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Review: Eventide Anthology X Bundle

Anthology X is the same bundle from the Pro Tools HD platform, but with new additions and greatly expanded Native compatibility.

Considering how we upgrade our software and computers so often, sometimes certain plug-ins get left out for a cycle or two. We go about productions and then one day realize, “where is that piece I used to turn to?” Such is the case with Eventide’s Anthology X; I now understand how much I missed it.

Anthology X is the same bundle from the Pro Tools HD platform, but with new additions and greatly expanded Native compatibility. It contains 17 plug-ins with over 1,000 presets and now runs 64-bit AAX Native, VST, and AU, operating on Pro Tools 10+, Cubase 7+, Nuendo, Wavelab, Logic 8+, Ableton Live 7+, SONAR, Reaper, GarageBand, Digital Performer and Studio One. The bundle features Eventide’s H910, H910 Dual, H949, H949 Dual, UltraChannel, UltraReverb, Octavox, Quadravox, H3000 Factory, H3000 Band Delays, Instant Phaser, Instant Flanger, Omnipressor, EChannel, EQ45, EQ65 and Precision Time Align processors. Licenses can be activated via PACE’s iLok License Manager but it do not require the USB iLok dongle. The license can also be activated in two separate locations, either on the computer or iLok.

This cool collection features re-creations of classic Eventide hardware pieces along with modern takes on things like UltraReverb, EChannel and UltraChannel. Getting some plug-ins back that I haven’t used in a while is like hanging out with an old friend. I first called up the H3000 Factory—I used to have the hardware version—and used it to tune a kick drum with the SubKick preset. Upon selecting, the Tuning soft key is already engaged; I just turned the big rotary dial on the right to find the right frequency. It took no more than a minute, using one knob, but it added a lot of cool sub information to increase the weight of each kick impact.

Next I called up a classic, the Model FL201 Instant Flanger; hardware production dates ran from 1976 to 1984. Adding it to a distorted electric guitar part, it’s classic flanging bliss that simulates true tape flange. Once again, I didn’t have to go crazy tweaking to get what I wanted; I simply turned up the Feedback, which adds output audio back into the input. What it does to my ears is increase the apparent width and depth of the flange effect. I then turned the Oscillator Rate up to slow (20 seconds, 0.05 Hz), which makes the overall effect of the flange slow and subtle.

Then I called up my latest favorite in this package, the Dual H949 Harmonizer. Available in single and double, the latter recreates running two 949s in parallel for some seriously cool doubling effects. On top of the plug-in are three buttons: “Mono” where the output from a single unit feeds back into the unit; “Stereo” where the output from the top unit feeds into the bottom; and “Both” where the output feeds into itself and the other unit.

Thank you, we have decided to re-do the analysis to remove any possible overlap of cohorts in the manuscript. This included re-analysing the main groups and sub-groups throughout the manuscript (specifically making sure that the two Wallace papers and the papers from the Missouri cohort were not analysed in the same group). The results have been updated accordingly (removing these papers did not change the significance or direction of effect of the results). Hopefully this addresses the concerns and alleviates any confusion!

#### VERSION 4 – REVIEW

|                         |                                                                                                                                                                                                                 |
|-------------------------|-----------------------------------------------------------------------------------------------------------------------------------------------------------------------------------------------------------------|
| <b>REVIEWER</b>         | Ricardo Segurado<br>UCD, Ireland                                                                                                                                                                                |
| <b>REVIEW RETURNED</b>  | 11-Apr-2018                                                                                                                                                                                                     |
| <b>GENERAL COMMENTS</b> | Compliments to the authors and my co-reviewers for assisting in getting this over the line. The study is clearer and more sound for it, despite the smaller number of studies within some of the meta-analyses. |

The other interesting buttons on the top are for Stereo Link, where ��Mono” allows you to set all the controls independently; “Link” which changing one correspondingly changes the other; and “Reverse Link” where changing the Pitch Ratio on one unit causes the other unit’s Pitch Ratio to move in the opposite direction—great doubling effects! What I do is set the Pitch Ratio to 1.000 in Mono mode, then click it into REVLNK and turn the Manual knob. The smallest movement immediately creates this lush stereo width effect. Simply leaving it in Mono and tuning each Pitch Ratio independently works, too. Either way, it’s like having two 949 hardware units feeding into the stereo signal.

The other piece that I like to use a lot in this bundle is the H910 and the H910 Dual Harmonizer. The H910 was actually the first harmonizer and one of the first commercially available digital audio products. Who would think, many years later, we could have it all on a software desktop, which didn’t even exist at the time these units were first released. Like the H949 mentioned above, the Dual H910 simulates using two units in parallel. The controls for Stereo Feedback and Stereo Link also work the same as the 949, but the 910 has a Stereo Width Slider for 0 to 100 percent and a Mix slider on the bottom for 0 to 100 percent Wet/Dry control.

All of the plug-ins in this collection have excellent presets. The one I use the most on the 910 is the MicroPitch Shift setting, which offers a dropdown menu from 01 to 50 percent (yes, 50 settings!). Even with something as simple as 6 percent on a stereo drum loop or keyboard patch offers up a nice widening/doubling effect. Then I drop down and use the Mix slider to control Wet/Dry, dialing it in to fit the track.

No matter how you slice it, Anthology X’s 17 plug-ins offer up a huge variety of classic and modern sounds that can push virtually any production over the top. There is a free 30-day demo license available from their website to check it for yourself, which I highly recommend.